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The CNS injury response and its relationship to Alzheimer's disease
thesisposted on 2023-05-26, 18:42 authored by King, Carolyn Elizabeth
Regeneration in the adult mammalian CNS is a contentious issue. From the early studies of Ramon y Cajal (1928), it has been accepted that CNS neurons do not regenerate in the same fashion as neurons residing within the PNS. However, this philosophy has held in the extreme, whereby all reactive neuronal changes following injury were considered to be regressive and all sprouting attempts, abortive. As a consequence, the innate regenerative potential of CNS neurons has received little recognition. Recent studies have demonstrated the ability of some central nerve cell populations to mount robust and sustained regenerative responses following injury, including the extension of axonal sprouts, appropriate directional growth of processes and the formation of synaptic connections. However, many of these studies have dealt with relatively simple fibre tracts, mild injuries and involved the introduction of growth-enhancing factors or materials. A criticism of investigations with limited and controlled injury conditions may be the inability to translate these findings to the extensive damage of complicated fibre systems, characteristic of many human traumatic brain injuries. furthermore, the confounding effects of the CNS environment including a compromised blood brain barrier, intense glial reaction and myelin associated factors are considered important barriers to successful regeneration following CNS injury. The central purpose of this thesis was to revisit CNS regeneration, usrng immunohistochemical and ultrastructural methods to investigate the wound healing response in an in vivo animal model of acute cortical grey and white matter injury. It further sought to examine the role of cytoskeletal proteins, particularly the neurofilament (NF) triplet, in the reaction of axons to injury and subsequent sequence of cellular changes involved in neuropil restoration. A final objective was to determine the existence of innate regenerative potential in adult central neurons in the presence of factors which are considered to be extremely inhibitory to neurite outgrowth; including CNS myelin, glial scarring and a compromised blood brain barrier. Studies of CNS injury have also provided important information regarding the biological mechanisms underlying certain neurodegenerative conditions, such as Alzheimer's disease (AD). Despite its characterisation over a century ago, the aetiology of AD remains obscured by unknowns. These include the precise relationship between the two main pathological hallmarks, the 13-amyloid plaque and neurofibrillary tangle, the method by which 13-amyloid inflicts its damage on the surrounding neuropil and the biological mechanism underlying neurodegeneration. One aspect of the disease which has been firmly established, however, is the select vulnerability of large NF-positive pyramidal cells to degenerate in this condition. NFs have been shown to undergo specific alterations within cell perikarya and processes in the early stages of AD and, significantly, some aspects of this early cytoskeletal pathology are recapitulated within nerve cells following physical injury. A second major aim of this thesis was to investigate the possibility of a link between physical injury to neurons and the precise cellular changes underlying neurodegeneration in AD by focusing on the role of cytoskeletal changes in both conditions. When the experimental injury response was assessed ave~ a time course, a distinct stereotypy was observed in the process of wound healing and resolution of neuronal pathology. This involved an ordered sequence of morphological, neurochemical and ultrastructural changes to neurites, including specific alterations to neurofilament triplet proteins, as well as intimate associations between reactive processes and glial populations. Furthermore, evidence of reactive sprouting was observed within both grey and white matter axons, supporting the existence of innate regenerative potential within CNS neurons under the inhibitory influences of reactive glia and heavy myelination. A number of similarities were also demonstrated between the response of damaged cortical neurites to acute injury and the early neuritic pathology of AD associated with plaque formation. Characterisation of the stereotypical reaction of nerve cells to experimental physical injury, as well as the existence of innate regenerative potential, provides insight into the nature of the CNS regenerative response, an important understanding for the development of therapeutic strategies aimed at improving regeneration. Furthermore, the establishment of a link between the neuronal response to physical injury and the neuropathology of AD will enhance the value of this characterisation, whereby intervention in the stereotypical response to injury may be used to halt or slow the progression of degenerative changes in AD.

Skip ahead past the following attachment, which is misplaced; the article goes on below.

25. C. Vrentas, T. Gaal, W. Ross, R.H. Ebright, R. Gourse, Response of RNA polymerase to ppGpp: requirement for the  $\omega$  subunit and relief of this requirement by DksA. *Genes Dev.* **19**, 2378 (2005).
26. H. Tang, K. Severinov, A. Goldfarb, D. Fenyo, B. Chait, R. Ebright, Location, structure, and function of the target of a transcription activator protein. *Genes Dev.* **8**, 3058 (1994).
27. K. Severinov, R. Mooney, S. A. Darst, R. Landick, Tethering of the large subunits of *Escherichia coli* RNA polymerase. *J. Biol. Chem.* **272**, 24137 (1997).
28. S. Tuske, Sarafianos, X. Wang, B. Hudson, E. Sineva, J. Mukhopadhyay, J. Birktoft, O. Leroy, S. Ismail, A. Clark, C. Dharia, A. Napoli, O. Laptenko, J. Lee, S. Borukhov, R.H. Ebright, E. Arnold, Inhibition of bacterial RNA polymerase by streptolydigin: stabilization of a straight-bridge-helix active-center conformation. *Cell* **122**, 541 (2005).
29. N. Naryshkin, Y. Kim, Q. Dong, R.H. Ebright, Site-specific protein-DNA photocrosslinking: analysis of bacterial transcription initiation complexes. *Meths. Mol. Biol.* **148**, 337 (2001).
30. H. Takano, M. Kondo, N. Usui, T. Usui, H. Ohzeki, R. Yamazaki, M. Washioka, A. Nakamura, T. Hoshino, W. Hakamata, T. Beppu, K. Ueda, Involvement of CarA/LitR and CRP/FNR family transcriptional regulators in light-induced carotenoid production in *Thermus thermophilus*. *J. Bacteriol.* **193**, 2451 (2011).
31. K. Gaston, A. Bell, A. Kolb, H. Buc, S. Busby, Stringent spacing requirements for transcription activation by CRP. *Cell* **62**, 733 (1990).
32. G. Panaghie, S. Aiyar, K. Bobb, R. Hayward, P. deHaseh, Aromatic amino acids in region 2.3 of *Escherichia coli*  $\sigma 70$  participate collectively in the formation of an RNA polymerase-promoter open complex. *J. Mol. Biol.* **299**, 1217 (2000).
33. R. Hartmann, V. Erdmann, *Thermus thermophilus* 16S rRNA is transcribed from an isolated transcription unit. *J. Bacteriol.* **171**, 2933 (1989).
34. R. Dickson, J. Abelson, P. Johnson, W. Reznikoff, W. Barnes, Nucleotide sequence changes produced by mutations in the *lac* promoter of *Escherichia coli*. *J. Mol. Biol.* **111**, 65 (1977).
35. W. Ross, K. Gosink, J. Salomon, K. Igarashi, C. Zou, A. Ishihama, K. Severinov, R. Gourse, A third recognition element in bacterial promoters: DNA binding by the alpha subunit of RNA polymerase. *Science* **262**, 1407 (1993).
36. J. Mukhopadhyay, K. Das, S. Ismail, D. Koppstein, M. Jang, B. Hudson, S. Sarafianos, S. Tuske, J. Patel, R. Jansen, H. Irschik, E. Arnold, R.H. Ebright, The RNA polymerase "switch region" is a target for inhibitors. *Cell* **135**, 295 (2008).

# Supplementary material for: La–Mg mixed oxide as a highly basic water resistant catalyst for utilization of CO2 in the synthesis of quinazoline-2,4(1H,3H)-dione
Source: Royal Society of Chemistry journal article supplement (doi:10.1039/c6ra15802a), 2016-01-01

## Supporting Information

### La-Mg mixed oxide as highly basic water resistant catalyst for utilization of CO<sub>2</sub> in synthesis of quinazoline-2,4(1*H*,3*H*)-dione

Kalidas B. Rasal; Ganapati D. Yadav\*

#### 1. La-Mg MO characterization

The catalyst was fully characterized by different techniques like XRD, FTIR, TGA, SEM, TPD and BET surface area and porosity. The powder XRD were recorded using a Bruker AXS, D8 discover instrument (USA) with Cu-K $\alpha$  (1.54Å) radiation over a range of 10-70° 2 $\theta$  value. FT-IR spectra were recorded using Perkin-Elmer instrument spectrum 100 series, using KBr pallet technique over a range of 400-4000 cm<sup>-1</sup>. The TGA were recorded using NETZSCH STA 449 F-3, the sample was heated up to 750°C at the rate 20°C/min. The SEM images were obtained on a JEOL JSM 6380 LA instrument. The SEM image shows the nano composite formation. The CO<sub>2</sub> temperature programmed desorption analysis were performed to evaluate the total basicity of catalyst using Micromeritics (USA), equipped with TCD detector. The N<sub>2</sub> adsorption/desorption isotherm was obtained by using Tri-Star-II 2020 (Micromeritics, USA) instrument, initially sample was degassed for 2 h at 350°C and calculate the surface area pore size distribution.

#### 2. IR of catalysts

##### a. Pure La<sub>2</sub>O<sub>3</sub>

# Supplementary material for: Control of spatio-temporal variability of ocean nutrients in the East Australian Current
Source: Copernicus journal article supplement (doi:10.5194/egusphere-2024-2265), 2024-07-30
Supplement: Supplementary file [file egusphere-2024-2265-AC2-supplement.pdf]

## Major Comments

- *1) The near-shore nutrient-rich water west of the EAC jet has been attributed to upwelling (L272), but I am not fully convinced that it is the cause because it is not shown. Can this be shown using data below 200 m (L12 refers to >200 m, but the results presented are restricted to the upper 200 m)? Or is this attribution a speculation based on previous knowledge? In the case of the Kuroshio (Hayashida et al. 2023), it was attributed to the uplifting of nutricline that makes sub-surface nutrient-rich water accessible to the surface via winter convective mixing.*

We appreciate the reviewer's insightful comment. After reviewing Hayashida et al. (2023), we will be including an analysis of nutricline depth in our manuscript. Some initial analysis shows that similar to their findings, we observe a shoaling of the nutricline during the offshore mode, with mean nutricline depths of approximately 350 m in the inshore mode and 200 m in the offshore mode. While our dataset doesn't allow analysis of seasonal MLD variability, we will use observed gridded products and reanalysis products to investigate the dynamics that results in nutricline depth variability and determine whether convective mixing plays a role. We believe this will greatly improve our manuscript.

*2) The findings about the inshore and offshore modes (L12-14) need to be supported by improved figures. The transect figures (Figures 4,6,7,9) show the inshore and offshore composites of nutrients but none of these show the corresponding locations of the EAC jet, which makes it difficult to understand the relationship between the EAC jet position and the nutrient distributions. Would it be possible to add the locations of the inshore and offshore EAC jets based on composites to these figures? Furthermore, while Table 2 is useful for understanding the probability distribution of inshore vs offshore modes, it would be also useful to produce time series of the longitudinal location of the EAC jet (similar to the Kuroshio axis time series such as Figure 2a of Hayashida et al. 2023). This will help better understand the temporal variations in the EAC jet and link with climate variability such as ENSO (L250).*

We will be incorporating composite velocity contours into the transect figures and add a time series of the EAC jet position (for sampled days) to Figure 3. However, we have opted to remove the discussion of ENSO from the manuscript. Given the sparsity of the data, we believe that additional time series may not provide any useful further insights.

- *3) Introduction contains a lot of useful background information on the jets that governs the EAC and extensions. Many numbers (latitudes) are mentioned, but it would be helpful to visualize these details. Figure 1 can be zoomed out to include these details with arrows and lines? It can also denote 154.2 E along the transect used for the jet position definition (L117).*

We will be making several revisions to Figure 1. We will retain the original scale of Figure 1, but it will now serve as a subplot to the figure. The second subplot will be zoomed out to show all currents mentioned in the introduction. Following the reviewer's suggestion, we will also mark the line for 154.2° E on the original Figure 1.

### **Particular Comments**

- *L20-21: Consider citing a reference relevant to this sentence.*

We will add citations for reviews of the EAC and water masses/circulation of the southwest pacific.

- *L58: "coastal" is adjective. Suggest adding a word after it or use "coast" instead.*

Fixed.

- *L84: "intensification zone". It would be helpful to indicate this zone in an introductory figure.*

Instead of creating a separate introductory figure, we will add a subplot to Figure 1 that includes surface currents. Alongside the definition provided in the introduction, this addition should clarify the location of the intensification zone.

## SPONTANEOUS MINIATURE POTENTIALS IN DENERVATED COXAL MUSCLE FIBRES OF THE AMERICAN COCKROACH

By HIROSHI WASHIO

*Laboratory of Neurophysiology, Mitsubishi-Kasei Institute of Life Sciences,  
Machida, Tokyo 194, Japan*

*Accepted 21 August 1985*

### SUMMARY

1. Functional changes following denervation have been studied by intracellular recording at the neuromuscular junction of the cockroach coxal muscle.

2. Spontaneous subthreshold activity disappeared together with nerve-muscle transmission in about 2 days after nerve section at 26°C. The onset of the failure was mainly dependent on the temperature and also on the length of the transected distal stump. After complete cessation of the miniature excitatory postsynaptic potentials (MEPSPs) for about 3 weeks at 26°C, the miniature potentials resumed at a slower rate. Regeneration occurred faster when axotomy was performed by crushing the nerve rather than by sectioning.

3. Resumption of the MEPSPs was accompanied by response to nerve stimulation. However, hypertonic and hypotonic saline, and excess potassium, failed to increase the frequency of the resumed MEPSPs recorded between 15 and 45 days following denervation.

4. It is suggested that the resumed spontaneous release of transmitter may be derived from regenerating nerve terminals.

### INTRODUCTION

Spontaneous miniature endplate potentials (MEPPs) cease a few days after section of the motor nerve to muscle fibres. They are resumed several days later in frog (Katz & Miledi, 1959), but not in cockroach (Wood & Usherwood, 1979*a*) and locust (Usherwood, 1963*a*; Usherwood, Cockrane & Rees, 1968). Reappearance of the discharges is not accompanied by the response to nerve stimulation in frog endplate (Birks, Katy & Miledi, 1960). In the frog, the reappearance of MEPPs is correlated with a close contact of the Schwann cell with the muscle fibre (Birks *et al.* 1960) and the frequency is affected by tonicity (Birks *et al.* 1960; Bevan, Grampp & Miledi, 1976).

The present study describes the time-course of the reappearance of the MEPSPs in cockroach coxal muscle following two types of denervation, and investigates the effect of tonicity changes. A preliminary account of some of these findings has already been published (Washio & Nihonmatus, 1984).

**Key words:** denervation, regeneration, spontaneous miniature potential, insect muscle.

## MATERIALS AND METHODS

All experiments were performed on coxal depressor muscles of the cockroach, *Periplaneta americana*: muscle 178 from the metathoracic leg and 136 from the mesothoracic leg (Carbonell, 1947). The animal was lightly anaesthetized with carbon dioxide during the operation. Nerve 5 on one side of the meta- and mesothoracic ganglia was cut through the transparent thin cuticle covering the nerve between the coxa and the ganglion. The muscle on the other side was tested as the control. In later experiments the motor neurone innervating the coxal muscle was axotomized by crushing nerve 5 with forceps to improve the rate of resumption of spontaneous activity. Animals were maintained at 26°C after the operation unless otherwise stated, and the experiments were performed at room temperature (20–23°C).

Rights statementCopyright 2000 the Author - The University is continuing to endeavour to trace the copyright owner(s) and in the meantime this item has been reproduced here in good faith. We would be pleased to hear from the copyright owner(s). Thesis (Ph.D.)--University of Tasmania, 2001. Includes bibliographical references